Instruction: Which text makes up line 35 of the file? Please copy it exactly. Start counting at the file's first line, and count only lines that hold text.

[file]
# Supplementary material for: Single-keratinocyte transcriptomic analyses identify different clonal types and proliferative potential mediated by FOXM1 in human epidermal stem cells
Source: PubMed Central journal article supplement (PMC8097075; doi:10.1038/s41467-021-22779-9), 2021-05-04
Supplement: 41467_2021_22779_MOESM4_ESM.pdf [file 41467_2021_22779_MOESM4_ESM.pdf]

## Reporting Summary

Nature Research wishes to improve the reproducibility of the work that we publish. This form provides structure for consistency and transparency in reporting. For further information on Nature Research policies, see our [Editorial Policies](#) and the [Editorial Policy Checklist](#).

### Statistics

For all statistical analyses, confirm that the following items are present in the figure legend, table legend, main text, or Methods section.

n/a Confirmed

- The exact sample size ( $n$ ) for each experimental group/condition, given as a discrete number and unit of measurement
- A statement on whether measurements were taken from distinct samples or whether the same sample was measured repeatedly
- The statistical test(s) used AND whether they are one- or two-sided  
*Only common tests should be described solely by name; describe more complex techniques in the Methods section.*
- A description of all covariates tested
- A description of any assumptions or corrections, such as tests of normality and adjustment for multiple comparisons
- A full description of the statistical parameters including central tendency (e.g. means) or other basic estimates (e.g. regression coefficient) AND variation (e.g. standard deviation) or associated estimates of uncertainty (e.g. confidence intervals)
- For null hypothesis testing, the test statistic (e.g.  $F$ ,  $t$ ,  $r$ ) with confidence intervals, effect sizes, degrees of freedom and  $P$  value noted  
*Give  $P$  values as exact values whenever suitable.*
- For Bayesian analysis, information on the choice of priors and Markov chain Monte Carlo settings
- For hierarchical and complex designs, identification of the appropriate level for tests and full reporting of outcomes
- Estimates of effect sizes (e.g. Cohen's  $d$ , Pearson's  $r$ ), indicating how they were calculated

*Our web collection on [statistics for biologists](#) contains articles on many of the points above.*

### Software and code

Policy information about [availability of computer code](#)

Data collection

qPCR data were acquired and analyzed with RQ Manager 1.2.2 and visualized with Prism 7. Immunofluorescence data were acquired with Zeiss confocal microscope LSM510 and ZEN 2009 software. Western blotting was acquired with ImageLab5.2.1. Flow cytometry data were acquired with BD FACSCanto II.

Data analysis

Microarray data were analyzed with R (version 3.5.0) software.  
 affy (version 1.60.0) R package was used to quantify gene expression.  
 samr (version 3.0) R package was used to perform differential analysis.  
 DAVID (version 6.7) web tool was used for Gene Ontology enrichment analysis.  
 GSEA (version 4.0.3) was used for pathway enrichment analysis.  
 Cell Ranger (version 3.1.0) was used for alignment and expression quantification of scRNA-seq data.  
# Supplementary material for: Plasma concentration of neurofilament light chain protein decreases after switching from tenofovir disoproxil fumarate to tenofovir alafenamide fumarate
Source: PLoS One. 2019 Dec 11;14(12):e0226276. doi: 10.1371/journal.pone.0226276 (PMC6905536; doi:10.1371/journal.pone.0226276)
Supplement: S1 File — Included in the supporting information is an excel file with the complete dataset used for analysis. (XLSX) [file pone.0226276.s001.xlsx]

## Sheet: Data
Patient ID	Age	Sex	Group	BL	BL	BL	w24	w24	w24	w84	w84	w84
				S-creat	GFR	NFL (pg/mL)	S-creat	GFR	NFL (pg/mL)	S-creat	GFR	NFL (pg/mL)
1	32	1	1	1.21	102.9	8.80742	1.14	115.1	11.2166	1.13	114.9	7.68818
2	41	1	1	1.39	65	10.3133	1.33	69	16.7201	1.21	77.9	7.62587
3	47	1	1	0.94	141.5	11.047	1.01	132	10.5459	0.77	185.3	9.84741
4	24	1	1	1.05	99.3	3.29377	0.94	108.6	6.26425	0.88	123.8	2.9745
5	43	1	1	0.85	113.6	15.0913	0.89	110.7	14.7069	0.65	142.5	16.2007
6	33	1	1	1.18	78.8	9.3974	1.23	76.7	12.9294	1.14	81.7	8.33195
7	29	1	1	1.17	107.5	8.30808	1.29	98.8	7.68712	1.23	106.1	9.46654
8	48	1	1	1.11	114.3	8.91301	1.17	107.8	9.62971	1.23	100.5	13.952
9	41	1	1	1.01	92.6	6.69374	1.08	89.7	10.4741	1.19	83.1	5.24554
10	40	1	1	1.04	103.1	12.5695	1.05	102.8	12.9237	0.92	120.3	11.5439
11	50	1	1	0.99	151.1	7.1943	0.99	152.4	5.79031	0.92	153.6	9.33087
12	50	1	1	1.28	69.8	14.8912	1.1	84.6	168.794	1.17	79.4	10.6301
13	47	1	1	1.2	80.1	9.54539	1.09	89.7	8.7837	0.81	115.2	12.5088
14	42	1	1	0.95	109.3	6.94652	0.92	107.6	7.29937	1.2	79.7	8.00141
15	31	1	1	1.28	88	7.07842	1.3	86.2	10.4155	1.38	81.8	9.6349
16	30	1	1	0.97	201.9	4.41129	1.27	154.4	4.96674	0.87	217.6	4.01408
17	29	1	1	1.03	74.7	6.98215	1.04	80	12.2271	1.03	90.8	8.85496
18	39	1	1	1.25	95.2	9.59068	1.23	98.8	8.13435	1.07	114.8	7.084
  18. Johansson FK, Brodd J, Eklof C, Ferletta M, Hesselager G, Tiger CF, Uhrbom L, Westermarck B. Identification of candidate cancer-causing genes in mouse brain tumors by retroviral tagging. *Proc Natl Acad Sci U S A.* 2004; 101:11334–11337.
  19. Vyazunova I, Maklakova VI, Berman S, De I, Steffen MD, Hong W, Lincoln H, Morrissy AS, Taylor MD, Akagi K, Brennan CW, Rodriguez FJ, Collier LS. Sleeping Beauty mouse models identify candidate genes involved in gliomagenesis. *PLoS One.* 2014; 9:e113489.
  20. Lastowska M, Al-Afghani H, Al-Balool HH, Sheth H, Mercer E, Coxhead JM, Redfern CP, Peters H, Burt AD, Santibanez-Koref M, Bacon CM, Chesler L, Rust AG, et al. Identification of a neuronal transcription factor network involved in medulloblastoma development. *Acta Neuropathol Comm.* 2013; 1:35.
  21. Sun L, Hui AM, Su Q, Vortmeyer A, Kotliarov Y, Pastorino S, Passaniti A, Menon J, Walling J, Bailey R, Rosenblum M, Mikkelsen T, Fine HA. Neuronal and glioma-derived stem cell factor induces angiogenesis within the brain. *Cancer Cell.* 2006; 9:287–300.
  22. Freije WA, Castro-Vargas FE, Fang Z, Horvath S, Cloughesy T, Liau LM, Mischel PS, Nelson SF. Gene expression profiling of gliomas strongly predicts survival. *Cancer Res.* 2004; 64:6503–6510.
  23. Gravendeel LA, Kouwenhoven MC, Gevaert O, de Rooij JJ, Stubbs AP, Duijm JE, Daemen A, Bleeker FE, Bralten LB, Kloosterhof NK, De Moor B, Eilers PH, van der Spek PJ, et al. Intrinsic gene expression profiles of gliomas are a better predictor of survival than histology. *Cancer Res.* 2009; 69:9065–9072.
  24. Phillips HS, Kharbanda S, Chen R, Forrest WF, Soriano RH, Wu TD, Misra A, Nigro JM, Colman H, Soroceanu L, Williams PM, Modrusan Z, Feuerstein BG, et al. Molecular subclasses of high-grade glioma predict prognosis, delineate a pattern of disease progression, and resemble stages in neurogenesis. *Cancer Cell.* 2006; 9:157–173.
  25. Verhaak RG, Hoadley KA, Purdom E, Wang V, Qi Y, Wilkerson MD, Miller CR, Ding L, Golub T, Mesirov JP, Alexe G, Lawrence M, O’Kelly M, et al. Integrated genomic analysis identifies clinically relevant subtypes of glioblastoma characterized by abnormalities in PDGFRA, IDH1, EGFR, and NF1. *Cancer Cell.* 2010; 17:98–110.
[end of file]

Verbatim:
Supplement: S1 File — Included in the supporting information is an excel file with the complete dataset used for analysis. (XLSX) [file pone.0226276.s001.xlsx]